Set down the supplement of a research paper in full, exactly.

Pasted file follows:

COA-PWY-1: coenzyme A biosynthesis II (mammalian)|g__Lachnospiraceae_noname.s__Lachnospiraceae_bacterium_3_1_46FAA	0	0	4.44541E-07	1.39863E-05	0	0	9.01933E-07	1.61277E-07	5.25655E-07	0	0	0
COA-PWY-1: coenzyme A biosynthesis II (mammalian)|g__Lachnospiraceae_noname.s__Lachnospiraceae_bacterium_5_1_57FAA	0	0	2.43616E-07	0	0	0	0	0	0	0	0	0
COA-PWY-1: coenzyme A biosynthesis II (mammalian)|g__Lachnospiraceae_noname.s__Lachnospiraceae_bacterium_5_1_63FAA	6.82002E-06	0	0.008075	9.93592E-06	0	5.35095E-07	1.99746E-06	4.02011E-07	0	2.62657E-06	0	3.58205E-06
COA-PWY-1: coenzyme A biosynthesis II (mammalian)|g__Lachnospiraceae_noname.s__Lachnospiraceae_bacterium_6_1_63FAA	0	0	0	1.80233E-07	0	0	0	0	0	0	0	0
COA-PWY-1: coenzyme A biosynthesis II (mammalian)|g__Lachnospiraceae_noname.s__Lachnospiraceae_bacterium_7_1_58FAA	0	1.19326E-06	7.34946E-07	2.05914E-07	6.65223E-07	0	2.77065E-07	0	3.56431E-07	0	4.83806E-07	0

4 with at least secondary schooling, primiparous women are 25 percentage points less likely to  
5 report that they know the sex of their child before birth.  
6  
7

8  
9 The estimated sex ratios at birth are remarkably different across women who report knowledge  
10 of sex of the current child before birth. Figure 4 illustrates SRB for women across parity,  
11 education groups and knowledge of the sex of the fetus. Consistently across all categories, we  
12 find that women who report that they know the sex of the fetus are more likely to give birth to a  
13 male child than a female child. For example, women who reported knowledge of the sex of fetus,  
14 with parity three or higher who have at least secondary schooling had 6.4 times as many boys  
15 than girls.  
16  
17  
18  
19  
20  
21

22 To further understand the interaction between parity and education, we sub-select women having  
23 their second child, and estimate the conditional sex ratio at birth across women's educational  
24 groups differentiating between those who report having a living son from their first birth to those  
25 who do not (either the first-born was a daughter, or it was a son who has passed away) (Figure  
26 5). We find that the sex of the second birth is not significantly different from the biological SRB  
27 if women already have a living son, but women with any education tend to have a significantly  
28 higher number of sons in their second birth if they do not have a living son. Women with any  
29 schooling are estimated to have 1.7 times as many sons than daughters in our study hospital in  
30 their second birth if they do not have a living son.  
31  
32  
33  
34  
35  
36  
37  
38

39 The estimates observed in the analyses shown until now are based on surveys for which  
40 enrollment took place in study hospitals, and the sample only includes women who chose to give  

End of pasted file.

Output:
COA-PWY-1: coenzyme A biosynthesis II (mammalian)|g__Lachnospiraceae_noname.s__Lachnospiraceae_bacterium_3_1_46FAA	0	0	4.44541E-07	1.39863E-05	0	0	9.01933E-07	1.61277E-07	5.25655E-07	0	0	0
COA-PWY-1: coenzyme A biosynthesis II (mammalian)|g__Lachnospiraceae_noname.s__Lachnospiraceae_bacterium_5_1_57FAA	0	0	2.43616E-07	0	0	0	0	0	0	0	0	0
COA-PWY-1: coenzyme A biosynthesis II (mammalian)|g__Lachnospiraceae_noname.s__Lachnospiraceae_bacterium_5_1_63FAA	6.82002E-06	0	0.008075	9.93592E-06	0	5.35095E-07	1.99746E-06	4.02011E-07	0	2.62657E-06	0	3.58205E-06
COA-PWY-1: coenzyme A biosynthesis II (mammalian)|g__Lachnospiraceae_noname.s__Lachnospiraceae_bacterium_6_1_63FAA	0	0	0	1.80233E-07	0	0	0	0	0	0	0	0
COA-PWY-1: coenzyme A biosynthesis II (mammalian)|g__Lachnospiraceae_noname.s__Lachnospiraceae_bacterium_7_1_58FAA	0	1.19326E-06	7.34946E-07	2.05914E-07	6.65223E-07	0	2.77065E-07	0	3.56431E-07	0	4.83806E-07	0

4 with at least secondary schooling, primiparous women are 25 percentage points less likely to  
5 report that they know the sex of their child before birth.  
6  
7

8  
9 The estimated sex ratios at birth are remarkably different across women who report knowledge  
10 of sex of the current child before birth. Figure 4 illustrates SRB for women across parity,  
11 education groups and knowledge of the sex of the fetus. Consistently across all categories, we  
12 find that women who report that they know the sex of the fetus are more likely to give birth to a  
13 male child than a female child. For example, women who reported knowledge of the sex of fetus,  
14 with parity three or higher who have at least secondary schooling had 6.4 times as many boys  
15 than girls.  
16  
17  
18  
19  
20  
21

22 To further understand the interaction between parity and education, we sub-select women having  
23 their second child, and estimate the conditional sex ratio at birth across women's educational  
24 groups differentiating between those who report having a living son from their first birth to those  
25 who do not (either the first-born was a daughter, or it was a son who has passed away) (Figure  
26 5). We find that the sex of the second birth is not significantly different from the biological SRB  
27 if women already have a living son, but women with any education tend to have a significantly  
28 higher number of sons in their second birth if they do not have a living son. Women with any  
29 schooling are estimated to have 1.7 times as many sons than daughters in our study hospital in  
30 their second birth if they do not have a living son.  
31  
32  
33  
34  
35  
36  
37  
38

39 The estimates observed in the analyses shown until now are based on surveys for which  
40 enrollment took place in study hospitals, and the sample only includes women who chose to give  